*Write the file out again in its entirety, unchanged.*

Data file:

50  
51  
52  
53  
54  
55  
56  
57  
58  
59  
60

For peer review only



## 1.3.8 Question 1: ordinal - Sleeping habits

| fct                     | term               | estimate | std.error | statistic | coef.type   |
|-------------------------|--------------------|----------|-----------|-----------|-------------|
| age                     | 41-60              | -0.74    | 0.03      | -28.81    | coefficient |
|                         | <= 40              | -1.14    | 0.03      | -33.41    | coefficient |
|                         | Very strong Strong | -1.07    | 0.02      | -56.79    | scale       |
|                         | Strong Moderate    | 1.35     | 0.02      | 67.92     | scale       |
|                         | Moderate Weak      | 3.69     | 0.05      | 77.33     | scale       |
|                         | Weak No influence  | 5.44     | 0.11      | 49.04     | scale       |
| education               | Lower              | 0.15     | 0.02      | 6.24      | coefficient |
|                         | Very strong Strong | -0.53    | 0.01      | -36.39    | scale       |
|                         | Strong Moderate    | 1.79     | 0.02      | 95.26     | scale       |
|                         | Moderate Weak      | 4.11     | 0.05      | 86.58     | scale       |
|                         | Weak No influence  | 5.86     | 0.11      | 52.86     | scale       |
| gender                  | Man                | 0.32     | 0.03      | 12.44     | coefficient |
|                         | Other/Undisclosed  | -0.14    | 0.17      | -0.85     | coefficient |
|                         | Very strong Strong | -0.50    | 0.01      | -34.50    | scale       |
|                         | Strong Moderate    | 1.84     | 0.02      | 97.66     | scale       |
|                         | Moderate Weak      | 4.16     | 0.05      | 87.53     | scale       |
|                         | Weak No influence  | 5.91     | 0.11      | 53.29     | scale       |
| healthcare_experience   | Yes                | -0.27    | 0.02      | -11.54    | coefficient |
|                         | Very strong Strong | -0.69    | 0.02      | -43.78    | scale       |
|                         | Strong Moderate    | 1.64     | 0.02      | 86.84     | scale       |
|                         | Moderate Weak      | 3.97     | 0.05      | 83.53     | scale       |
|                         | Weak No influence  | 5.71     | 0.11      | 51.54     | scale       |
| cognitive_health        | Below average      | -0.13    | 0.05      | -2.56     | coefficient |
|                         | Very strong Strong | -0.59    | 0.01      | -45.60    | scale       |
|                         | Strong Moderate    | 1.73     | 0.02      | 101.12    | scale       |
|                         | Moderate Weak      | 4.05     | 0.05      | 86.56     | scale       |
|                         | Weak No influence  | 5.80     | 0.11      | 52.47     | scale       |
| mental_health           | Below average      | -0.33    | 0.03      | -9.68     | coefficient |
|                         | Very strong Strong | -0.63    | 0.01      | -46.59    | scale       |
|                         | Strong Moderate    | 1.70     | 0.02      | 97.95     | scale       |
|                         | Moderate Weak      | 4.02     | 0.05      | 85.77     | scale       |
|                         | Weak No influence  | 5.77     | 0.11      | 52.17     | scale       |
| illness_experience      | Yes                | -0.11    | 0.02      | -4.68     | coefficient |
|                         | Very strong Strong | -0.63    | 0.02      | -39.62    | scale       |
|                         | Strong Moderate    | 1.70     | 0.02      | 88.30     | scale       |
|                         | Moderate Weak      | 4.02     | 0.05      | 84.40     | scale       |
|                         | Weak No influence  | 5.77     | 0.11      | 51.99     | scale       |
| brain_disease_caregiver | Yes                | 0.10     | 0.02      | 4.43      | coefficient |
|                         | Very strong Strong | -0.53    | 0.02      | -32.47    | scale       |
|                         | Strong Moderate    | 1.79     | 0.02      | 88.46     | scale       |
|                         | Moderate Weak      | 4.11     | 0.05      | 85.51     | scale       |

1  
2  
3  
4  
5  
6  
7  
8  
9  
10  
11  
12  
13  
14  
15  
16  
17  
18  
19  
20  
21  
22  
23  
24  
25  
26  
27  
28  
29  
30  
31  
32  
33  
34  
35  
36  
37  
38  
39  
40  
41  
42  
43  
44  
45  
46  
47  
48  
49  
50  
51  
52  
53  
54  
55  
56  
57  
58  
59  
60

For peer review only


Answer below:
50  
51  
52  
53  
54  
55  
56  
57  
58  
59  
60

For peer review only



## 1.3.8 Question 1: ordinal - Sleeping habits

| fct                     | term               | estimate | std.error | statistic | coef.type   |
|-------------------------|--------------------|----------|-----------|-----------|-------------|
| age                     | 41-60              | -0.74    | 0.03      | -28.81    | coefficient |
|                         | <= 40              | -1.14    | 0.03      | -33.41    | coefficient |
|                         | Very strong Strong | -1.07    | 0.02      | -56.79    | scale       |
|                         | Strong Moderate    | 1.35     | 0.02      | 67.92     | scale       |
|                         | Moderate Weak      | 3.69     | 0.05      | 77.33     | scale       |
|                         | Weak No influence  | 5.44     | 0.11      | 49.04     | scale       |
| education               | Lower              | 0.15     | 0.02      | 6.24      | coefficient |
|                         | Very strong Strong | -0.53    | 0.01      | -36.39    | scale       |
|                         | Strong Moderate    | 1.79     | 0.02      | 95.26     | scale       |
|                         | Moderate Weak      | 4.11     | 0.05      | 86.58     | scale       |
|                         | Weak No influence  | 5.86     | 0.11      | 52.86     | scale       |
| gender                  | Man                | 0.32     | 0.03      | 12.44     | coefficient |
|                         | Other/Undisclosed  | -0.14    | 0.17      | -0.85     | coefficient |
|                         | Very strong Strong | -0.50    | 0.01      | -34.50    | scale       |
|                         | Strong Moderate    | 1.84     | 0.02      | 97.66     | scale       |
|                         | Moderate Weak      | 4.16     | 0.05      | 87.53     | scale       |
|                         | Weak No influence  | 5.91     | 0.11      | 53.29     | scale       |
| healthcare_experience   | Yes                | -0.27    | 0.02      | -11.54    | coefficient |
|                         | Very strong Strong | -0.69    | 0.02      | -43.78    | scale       |
|                         | Strong Moderate    | 1.64     | 0.02      | 86.84     | scale       |
|                         | Moderate Weak      | 3.97     | 0.05      | 83.53     | scale       |
|                         | Weak No influence  | 5.71     | 0.11      | 51.54     | scale       |
| cognitive_health        | Below average      | -0.13    | 0.05      | -2.56     | coefficient |
|                         | Very strong Strong | -0.59    | 0.01      | -45.60    | scale       |
|                         | Strong Moderate    | 1.73     | 0.02      | 101.12    | scale       |
|                         | Moderate Weak      | 4.05     | 0.05      | 86.56     | scale       |
|                         | Weak No influence  | 5.80     | 0.11      | 52.47     | scale       |
| mental_health           | Below average      | -0.33    | 0.03      | -9.68     | coefficient |
|                         | Very strong Strong | -0.63    | 0.01      | -46.59    | scale       |
|                         | Strong Moderate    | 1.70     | 0.02      | 97.95     | scale       |
|                         | Moderate Weak      | 4.02     | 0.05      | 85.77     | scale       |
|                         | Weak No influence  | 5.77     | 0.11      | 52.17     | scale       |
| illness_experience      | Yes                | -0.11    | 0.02      | -4.68     | coefficient |
|                         | Very strong Strong | -0.63    | 0.02      | -39.62    | scale       |
|                         | Strong Moderate    | 1.70     | 0.02      | 88.30     | scale       |
|                         | Moderate Weak      | 4.02     | 0.05      | 84.40     | scale       |
|                         | Weak No influence  | 5.77     | 0.11      | 51.99     | scale       |
| brain_disease_caregiver | Yes                | 0.10     | 0.02      | 4.43      | coefficient |
|                         | Very strong Strong | -0.53    | 0.02      | -32.47    | scale       |
|                         | Strong Moderate    | 1.79     | 0.02      | 88.46     | scale       |
|                         | Moderate Weak      | 4.11     | 0.05      | 85.51     | scale       |

1  
2  
3  
4  
5  
6  
7  
8  
9  
10  
11  
12  
13  
14  
15  
16  
17  
18  
19  
20  
21  
22  
23  
24  
25  
26  
27  
28  
29  
30  
31  
32  
33  
34  
35  
36  
37  
38  
39  
40  
41  
42  
43  
44  
45  
46  
47  
48  
49  
50  
51  
52  
53  
54  
55  
56  
57  
58  
59  
60

For peer review only